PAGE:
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The Unbearable Lightness of the SOFA

Akiko Yamamoto Part-time Lecturer of Okinawa International University

The most famous issue of Okinawa base problems has been Futenma relocation since the Special Action Committee on Okinawa (SACO) agreement between the U.S. and Japanese governments in 1996. The SACO was established in November 1995 to reduce the burden of U.S. military bases on the people of Okinawa and strengthen the U.S.-Japan alliance with the rape incident by three U.S. marines which victim was a 12-year-old girl in the summer of 1995 as a start.

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Apparent from this map showing locations of the U.S. Marine Corps Facilities in Okinawa, there has been a vast area of Marine Corps facilities including the Futenma Air Station, which cover about 67% of the U.S. military bases in Okinawa.

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Therefore, not only the Futenma Air Station but also some of parts of the Jungle Warfare Training Center (Camp Gonsalves) were pledged to be returned to the Government of Japan on the SACO agreement under the condition of the construction of alternative facilities at Japanese expense.

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Takae, the north side of Higashi Village, is a small town of only 150 people, separated from the rest of the village by Camp Gonsalves. When Takae’s residents heard of the construction of new landing zones (LZs) at Camp Gonsalves that would surround them in 1999, they adopted a resolution against the construction. Against their will, the U.S. and Japanese governments agreed with the construction of six sites of landing zones at Takae in 2006, and the mayor of Higashi Village accepting the plans in 2007. The residents of Higashi Village were divided not just by the U.S. military base, but by politics.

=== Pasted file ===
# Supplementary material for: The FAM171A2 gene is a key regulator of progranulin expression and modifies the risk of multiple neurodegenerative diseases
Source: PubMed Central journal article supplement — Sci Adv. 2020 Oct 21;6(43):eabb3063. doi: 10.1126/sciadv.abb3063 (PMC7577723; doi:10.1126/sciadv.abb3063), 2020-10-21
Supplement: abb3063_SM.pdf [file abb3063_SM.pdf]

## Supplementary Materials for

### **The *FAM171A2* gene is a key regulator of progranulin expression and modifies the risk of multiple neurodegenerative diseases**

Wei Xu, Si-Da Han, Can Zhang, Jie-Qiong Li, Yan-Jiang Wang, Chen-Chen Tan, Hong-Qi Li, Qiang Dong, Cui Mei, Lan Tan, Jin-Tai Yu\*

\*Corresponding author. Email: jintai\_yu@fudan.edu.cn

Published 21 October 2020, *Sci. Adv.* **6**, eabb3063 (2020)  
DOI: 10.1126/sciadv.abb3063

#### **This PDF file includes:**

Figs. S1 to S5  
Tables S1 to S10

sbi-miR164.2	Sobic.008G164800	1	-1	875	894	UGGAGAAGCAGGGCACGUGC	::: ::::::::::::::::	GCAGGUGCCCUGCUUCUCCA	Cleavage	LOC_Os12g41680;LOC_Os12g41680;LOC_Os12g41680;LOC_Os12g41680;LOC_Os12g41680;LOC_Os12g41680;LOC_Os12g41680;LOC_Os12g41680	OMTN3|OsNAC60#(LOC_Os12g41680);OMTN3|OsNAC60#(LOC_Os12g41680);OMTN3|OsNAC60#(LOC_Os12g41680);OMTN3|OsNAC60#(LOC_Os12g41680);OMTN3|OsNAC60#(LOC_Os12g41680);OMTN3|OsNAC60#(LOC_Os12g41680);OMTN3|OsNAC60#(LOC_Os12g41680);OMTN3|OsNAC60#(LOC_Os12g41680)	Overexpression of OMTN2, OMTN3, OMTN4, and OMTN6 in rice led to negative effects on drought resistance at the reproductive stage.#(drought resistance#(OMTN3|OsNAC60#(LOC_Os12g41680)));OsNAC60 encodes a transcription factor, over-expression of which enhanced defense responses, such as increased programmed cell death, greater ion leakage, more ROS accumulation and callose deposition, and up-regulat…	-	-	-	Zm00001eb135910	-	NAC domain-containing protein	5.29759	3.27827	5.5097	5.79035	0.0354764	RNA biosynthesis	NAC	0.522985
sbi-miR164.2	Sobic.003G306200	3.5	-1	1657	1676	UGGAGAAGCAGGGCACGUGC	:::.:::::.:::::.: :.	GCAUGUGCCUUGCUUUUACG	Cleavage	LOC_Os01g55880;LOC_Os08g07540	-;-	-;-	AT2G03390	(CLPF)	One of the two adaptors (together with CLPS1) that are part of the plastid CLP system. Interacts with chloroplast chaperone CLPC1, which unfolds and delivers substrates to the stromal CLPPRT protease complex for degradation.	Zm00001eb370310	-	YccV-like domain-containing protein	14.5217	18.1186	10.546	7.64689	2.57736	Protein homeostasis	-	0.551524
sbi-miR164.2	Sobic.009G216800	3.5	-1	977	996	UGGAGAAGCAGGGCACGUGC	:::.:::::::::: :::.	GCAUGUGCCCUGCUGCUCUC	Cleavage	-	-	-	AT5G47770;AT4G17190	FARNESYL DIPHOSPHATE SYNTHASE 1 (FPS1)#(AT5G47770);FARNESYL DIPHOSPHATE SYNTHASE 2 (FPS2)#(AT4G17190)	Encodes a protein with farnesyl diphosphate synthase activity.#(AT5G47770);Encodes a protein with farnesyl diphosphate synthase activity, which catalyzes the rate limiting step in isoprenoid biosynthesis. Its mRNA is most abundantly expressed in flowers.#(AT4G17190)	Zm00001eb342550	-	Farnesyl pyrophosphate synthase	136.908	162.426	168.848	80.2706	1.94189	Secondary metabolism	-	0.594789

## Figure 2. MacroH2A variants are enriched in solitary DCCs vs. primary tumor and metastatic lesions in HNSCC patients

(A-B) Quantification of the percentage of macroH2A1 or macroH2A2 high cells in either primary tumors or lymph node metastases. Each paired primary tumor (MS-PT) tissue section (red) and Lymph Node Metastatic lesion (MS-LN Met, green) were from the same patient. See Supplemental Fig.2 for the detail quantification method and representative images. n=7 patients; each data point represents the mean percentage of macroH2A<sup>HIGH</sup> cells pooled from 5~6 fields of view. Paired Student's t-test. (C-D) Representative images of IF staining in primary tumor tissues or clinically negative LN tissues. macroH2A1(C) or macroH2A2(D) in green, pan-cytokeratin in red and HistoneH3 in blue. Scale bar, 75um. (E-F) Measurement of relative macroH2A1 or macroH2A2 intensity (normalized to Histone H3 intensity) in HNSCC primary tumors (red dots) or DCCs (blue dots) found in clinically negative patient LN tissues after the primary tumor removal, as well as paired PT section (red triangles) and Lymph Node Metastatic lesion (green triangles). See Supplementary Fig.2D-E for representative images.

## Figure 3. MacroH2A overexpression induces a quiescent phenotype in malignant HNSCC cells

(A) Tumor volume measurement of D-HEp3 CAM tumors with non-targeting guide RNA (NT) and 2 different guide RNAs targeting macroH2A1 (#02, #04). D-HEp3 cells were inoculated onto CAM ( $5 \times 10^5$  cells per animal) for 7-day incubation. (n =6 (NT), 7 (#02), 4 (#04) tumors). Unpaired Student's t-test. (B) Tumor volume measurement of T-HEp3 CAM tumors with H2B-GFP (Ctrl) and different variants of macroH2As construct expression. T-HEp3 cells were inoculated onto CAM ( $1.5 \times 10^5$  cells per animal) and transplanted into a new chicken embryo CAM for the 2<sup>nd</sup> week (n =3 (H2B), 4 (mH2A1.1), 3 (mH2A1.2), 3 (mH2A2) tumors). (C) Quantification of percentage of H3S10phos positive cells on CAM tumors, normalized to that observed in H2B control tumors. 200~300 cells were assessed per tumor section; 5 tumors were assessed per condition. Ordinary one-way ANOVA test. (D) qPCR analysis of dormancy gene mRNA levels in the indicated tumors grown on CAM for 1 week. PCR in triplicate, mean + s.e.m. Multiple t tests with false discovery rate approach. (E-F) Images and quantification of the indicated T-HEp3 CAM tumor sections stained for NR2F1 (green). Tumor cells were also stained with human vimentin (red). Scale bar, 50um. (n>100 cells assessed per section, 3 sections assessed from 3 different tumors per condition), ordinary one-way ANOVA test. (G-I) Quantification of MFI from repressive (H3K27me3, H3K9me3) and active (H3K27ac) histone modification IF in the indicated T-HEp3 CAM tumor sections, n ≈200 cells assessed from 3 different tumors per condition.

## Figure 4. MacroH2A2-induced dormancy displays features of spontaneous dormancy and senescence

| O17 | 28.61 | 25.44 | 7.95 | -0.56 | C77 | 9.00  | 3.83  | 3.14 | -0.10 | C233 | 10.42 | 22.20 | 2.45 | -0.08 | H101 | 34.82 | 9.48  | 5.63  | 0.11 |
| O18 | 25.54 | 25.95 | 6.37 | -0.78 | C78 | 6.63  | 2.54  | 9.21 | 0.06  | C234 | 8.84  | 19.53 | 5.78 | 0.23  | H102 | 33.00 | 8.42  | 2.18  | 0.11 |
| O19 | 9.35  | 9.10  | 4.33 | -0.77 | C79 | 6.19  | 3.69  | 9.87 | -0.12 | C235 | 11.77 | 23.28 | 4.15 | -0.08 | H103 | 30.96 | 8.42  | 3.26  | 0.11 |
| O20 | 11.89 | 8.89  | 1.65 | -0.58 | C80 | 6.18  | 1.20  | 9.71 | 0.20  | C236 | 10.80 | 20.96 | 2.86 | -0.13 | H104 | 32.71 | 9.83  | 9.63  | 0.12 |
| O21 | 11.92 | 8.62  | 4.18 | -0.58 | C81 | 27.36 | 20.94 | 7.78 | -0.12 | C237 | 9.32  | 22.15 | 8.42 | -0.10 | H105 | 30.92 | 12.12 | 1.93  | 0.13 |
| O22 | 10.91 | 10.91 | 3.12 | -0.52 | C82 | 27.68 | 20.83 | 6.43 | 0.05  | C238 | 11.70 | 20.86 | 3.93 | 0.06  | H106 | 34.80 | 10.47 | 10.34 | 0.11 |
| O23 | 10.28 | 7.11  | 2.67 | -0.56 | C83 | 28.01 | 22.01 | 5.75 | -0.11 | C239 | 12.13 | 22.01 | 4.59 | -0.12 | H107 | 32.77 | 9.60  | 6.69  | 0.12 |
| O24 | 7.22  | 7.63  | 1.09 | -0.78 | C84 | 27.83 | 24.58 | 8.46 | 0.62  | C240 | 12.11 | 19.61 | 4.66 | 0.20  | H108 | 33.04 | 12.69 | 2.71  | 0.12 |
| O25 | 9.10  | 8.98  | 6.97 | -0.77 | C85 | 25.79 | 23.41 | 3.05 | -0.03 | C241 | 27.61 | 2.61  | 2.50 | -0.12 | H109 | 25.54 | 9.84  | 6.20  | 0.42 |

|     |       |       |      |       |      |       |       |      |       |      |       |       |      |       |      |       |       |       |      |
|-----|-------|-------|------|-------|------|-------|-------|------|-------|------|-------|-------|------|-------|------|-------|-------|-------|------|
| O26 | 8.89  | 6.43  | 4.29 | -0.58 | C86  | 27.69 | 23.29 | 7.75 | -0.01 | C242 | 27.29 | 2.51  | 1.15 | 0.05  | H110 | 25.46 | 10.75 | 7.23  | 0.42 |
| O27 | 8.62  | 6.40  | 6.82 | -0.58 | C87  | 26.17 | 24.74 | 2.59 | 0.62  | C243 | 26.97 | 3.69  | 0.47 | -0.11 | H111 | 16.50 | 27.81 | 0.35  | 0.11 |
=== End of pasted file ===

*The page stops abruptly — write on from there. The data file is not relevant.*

In addition, the Japanese government charged the fifteen residents of Takae engaged in a sit-in protest against the landing zones at the Camp Gonsalves gate, and the Naha District Court issued an executive order that one of the charged residents could not block the passage of government officials. The Supreme Court of Japan upheld the order in June 2014. Furthermore, the construction of two landing zones was completed, and the U.S. Marine Corps began using them in February 2015. These events caused heavy damage to the unity of the resisting residents. When construction of the remaining landing zones was begun in July 2016, a reduced number of residents came out in protest. The residents of Takae were also divided. Instead, about from 100 to 200 supporters coming inside and outside Okinawa added sit-in with about ten residents of Takae, but finally the construction of all the landing zones was completed in the end of December 2016. 

Legacy of the Occupation Period and U.S.-Japan SOFA

Why does relocation of the U.S. military bases raise anti-base movements by the residents around the relocation sites in Japan? ・・・続きを読む
(残り:約4477文字/本文:約8220文字)

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筆者

Akiko Yamamoto

Akiko Yamamoto Part-time Lecturer of Okinawa International University

Dr. Akiko Yamamoto is a part-time lecturer of Okinawa International University and University of the Ryukyus. Her works of research are “The United States and the Revision of the U.S.-Japan Security Treaty: Okinawa, the U.S. Military Bases, and the Alliance (Yoshida Publishing Company, 2017),” “The Outsiders of the U.S. Presidents: the Mavericks Threaten the World (Asahi Library, 2017)” and so on.